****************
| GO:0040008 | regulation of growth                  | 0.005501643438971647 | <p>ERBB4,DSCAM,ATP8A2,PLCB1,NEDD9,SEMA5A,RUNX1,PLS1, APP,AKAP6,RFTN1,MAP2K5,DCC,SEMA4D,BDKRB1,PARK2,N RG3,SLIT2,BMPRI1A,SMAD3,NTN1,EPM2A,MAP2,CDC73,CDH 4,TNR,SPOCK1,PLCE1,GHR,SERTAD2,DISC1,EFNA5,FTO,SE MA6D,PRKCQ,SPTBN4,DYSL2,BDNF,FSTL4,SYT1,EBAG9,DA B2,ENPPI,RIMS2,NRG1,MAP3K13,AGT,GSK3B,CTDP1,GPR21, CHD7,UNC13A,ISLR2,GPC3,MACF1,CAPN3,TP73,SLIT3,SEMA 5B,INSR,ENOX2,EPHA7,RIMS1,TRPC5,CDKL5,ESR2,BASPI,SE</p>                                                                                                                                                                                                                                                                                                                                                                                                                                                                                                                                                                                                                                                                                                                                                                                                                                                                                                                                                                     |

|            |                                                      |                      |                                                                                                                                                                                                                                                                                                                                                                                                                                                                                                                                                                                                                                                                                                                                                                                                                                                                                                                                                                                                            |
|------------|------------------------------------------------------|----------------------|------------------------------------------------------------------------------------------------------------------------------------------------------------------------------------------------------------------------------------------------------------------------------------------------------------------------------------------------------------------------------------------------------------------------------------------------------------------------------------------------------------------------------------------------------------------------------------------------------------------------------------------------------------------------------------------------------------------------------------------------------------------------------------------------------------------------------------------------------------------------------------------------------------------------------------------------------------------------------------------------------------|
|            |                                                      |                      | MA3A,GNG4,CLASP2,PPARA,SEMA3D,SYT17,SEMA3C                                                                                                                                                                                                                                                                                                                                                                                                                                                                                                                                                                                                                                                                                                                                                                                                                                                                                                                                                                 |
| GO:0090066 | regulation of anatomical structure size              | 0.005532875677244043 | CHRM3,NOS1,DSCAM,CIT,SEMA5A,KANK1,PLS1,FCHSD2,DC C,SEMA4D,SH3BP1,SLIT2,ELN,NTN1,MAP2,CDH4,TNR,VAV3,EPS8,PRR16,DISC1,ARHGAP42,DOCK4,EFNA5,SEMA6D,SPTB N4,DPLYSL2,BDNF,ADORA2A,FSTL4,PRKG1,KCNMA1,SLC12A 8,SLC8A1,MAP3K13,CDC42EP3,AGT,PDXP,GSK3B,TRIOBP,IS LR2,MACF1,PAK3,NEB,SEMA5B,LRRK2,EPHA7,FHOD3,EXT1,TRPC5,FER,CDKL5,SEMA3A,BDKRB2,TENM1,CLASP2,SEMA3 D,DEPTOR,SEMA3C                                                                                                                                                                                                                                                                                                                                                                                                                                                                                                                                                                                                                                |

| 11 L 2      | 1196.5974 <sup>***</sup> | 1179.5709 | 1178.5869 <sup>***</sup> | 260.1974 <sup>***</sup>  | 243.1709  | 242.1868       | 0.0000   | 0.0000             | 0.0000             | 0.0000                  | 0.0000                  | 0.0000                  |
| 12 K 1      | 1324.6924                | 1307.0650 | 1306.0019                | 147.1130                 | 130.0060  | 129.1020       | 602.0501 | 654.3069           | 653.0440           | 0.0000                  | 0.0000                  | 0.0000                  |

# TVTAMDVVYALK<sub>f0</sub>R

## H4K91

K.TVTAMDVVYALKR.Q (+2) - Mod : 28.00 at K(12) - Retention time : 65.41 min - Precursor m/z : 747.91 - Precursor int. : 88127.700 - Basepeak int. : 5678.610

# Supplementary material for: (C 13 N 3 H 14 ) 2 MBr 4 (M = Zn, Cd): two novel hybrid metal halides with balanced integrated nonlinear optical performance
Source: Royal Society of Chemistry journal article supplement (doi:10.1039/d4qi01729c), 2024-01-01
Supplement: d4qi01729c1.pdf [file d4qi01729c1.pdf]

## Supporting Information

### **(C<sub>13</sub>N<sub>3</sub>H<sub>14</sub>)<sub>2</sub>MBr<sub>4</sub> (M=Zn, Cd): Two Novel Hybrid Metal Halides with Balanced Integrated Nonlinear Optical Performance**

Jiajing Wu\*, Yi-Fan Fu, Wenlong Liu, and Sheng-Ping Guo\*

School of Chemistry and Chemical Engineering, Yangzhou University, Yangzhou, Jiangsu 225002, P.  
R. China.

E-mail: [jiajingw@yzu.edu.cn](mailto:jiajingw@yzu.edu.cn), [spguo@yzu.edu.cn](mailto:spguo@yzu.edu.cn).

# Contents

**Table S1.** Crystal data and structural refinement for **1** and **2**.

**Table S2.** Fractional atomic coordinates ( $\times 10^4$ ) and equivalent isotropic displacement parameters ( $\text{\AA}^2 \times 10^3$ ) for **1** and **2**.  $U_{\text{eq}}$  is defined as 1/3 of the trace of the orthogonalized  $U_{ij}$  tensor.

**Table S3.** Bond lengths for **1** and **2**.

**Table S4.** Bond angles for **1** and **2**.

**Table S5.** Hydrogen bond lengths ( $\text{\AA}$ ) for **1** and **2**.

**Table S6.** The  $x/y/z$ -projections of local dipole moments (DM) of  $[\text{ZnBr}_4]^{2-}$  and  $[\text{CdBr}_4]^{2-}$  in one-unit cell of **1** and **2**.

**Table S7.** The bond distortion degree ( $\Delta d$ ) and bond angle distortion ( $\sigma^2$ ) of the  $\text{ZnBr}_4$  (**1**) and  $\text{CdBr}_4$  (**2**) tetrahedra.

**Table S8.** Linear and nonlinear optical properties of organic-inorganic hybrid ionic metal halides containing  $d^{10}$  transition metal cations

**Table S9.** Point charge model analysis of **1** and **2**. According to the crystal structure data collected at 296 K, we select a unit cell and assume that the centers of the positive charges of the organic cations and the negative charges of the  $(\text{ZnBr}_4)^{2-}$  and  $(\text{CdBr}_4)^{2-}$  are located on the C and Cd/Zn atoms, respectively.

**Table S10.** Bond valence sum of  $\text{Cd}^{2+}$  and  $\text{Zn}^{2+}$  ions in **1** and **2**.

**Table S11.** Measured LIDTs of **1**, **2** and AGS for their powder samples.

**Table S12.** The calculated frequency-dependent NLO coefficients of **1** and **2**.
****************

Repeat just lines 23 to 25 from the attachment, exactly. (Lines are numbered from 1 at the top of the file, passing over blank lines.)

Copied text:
**Table S3.** Bond lengths for **1** and **2**.

**Table S4.** Bond angles for **1** and **2**.

**Table S5.** Hydrogen bond lengths ( $\text{\AA}$ ) for **1** and **2**.